This last one is possibly the most affordable option since you will not have to pay anything for your training. Most trucking companies now provide total tuition repayment for new truck drivers who are fresh out of school. However, you must apply for a trucking job within a set time frame, typically within a few months, after graduating to be eligible. Considering the window of opportunity is narrow, you want to make sure you understand the fine print of this option before you commit to truck driving school.

What is Preventing Vets From Getting Truck Driving Jobs

Schneider Trucker Driving on County RoadWhen trucking companies like Unigroup, Inc., Triple Crown Services or Transport America get ready to hire truck drivers, here is what they want in a driver. Dedication, respect, cleanliness, honor, hard work, diligence, attention to detail, and most importantly, behind the wheel truck driving experience. What if there was a demographic group of truck drivers who fit this perfectly, yet they were often deterred from getting a CDL trucking job?

What if you learned that these truckers were former US military who had served overseas in some of the most dangerous environments truck drivers could work in. Move over ice road truckers, slide out of the way Australian truckies. Our veteran truckers are a valuable source of employment for the US, but first some roadblocks need to be taken care of.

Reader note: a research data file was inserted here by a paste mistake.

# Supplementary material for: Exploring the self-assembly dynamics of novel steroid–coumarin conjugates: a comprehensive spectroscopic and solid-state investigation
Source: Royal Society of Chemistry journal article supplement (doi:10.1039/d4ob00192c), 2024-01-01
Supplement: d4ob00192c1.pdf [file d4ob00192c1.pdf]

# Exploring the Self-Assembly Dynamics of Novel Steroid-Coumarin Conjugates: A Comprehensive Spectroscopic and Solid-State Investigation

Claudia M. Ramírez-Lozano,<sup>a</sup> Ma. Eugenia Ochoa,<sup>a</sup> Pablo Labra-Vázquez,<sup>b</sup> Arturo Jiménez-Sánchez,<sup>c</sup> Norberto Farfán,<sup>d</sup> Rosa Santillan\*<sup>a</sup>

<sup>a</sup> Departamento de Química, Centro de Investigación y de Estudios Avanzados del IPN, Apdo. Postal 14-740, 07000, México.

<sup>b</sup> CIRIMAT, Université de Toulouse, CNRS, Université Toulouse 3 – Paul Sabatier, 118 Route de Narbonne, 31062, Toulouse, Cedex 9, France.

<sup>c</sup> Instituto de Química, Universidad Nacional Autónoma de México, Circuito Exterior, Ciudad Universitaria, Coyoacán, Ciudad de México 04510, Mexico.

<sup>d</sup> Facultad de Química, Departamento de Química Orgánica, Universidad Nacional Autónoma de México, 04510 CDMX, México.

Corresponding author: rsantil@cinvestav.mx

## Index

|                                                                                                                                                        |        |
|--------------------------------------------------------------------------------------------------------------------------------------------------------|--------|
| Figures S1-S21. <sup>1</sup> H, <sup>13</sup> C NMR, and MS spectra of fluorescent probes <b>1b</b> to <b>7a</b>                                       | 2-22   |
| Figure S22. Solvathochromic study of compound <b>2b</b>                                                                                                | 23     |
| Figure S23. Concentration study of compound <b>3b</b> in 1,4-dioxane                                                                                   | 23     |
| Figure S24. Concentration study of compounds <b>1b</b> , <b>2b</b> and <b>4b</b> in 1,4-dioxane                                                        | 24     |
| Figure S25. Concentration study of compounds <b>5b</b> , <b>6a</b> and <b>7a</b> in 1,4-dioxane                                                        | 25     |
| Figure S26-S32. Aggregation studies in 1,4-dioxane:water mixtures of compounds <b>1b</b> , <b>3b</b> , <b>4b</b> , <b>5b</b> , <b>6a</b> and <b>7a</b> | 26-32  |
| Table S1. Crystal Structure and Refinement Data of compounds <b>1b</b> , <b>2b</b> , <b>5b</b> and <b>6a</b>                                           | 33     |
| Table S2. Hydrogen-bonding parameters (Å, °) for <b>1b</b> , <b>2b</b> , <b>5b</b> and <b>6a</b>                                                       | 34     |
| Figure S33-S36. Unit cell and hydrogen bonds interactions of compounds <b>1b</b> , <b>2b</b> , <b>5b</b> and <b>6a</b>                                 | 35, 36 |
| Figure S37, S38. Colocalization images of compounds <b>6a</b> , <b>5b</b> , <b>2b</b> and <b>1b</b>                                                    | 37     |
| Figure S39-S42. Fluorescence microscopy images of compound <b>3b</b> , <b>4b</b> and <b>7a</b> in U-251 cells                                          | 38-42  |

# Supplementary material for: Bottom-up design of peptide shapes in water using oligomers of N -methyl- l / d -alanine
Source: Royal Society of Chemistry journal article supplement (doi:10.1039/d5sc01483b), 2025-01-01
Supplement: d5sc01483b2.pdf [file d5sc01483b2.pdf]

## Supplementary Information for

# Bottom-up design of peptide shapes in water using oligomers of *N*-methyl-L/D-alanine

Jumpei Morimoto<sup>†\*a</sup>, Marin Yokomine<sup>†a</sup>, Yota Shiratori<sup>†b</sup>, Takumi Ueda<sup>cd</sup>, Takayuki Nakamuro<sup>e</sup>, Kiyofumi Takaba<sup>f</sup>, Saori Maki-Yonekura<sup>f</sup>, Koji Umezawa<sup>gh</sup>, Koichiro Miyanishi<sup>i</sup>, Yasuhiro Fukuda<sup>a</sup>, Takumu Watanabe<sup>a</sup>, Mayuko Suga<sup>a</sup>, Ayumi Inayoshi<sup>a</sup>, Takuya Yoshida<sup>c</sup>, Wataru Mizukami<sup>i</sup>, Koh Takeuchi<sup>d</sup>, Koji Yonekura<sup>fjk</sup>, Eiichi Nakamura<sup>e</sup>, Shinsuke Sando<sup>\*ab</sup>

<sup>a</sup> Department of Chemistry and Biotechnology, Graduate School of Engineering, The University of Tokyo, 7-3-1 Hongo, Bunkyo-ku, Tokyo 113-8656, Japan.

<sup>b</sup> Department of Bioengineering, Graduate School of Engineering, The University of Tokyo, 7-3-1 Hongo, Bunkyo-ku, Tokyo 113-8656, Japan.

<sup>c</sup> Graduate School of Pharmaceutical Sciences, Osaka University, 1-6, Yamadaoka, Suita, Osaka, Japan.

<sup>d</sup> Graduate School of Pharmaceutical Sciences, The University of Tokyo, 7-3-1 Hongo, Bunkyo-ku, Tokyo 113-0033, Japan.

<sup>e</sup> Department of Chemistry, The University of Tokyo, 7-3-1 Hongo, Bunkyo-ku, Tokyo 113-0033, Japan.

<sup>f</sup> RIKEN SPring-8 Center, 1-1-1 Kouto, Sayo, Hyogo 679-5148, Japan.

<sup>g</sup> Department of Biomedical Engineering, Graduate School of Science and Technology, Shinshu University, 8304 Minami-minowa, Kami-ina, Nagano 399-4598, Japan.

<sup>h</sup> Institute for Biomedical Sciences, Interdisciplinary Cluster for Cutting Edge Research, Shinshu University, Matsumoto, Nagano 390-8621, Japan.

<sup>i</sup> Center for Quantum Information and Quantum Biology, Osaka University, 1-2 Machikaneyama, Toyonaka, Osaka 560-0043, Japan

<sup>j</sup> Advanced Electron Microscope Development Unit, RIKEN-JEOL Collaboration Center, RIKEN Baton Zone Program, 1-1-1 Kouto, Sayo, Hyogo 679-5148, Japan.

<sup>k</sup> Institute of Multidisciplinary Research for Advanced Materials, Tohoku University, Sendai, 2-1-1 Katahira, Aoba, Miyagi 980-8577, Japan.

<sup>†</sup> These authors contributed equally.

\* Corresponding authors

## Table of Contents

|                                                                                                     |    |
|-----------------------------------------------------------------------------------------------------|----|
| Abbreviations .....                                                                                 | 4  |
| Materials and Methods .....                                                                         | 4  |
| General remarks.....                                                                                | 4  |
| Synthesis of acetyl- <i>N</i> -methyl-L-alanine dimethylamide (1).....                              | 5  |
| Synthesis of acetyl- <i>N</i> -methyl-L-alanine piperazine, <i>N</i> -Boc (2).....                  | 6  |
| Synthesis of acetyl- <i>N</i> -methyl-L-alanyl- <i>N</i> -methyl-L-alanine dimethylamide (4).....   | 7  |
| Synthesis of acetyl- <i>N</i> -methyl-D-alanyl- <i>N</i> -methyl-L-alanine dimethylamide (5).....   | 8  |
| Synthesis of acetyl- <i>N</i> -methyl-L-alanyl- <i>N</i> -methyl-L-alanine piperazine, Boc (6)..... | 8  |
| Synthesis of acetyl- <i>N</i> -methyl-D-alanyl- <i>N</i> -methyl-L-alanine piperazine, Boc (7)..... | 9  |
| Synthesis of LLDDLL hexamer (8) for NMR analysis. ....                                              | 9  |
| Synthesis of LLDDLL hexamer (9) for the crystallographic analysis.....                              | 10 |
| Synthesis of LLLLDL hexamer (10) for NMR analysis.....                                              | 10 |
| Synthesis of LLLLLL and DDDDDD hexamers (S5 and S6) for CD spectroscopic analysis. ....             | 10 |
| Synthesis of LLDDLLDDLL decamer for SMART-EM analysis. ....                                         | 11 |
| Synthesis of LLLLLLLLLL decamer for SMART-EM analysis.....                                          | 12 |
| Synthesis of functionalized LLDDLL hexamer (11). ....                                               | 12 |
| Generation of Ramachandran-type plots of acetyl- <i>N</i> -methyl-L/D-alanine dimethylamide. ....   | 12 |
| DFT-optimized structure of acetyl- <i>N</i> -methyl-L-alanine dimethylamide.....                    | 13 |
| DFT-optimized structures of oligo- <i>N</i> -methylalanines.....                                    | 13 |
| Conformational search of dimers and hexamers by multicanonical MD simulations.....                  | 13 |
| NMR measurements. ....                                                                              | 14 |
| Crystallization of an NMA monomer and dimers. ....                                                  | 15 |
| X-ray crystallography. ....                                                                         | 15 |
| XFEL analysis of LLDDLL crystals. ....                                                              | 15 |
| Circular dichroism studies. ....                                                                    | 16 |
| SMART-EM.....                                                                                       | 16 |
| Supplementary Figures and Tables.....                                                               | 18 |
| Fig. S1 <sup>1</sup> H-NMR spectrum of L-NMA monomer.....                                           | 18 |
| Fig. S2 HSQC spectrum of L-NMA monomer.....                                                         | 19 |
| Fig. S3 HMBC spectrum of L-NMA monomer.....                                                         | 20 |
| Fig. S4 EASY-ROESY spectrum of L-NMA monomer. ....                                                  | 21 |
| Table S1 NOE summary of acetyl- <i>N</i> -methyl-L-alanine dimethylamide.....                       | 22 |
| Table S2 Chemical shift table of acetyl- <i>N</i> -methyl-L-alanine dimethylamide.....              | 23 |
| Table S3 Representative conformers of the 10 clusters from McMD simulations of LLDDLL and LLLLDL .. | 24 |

Commercial Driver’s Licenses for Vets

The first problem is getting a commercial driver’s license. As a military trucker you were given a military license to drive a truck. That license does not transfer over into a CDL. As a result, when you return back to the US after being overseas as an active duty soldier, you will not be able to get a trucking job immediately. You will have to start from scratch by getting a CDL.

This is a two-test process involving a written test and a road test. The information required of you is not the same information you would need to know as a military truck driver. The main difference is the focus on truck driver and highway safety, as the Federal Motor Carrier Safety Administration (FMCSA) and Department of Transportation (DOT) prioritize safety over all else.

To make it easier to get your CDL as a military trucker, the FMCSA has recently amended the requirements for this demographic. The infamous FAST Act that was signed in 2015, and included such regulations as the e-log mandate, also includes the Military Skills Test Waiver Program. This program is vital to helping truck drivers who are former military truckers to get their CDL as soon as possible when they return to the States to a civilian truck driving career. The program:

  • Is applicable to military vets who drove heavy duty vehicles while in the military
  • Allows these drivers to get their CDL without having to take the road test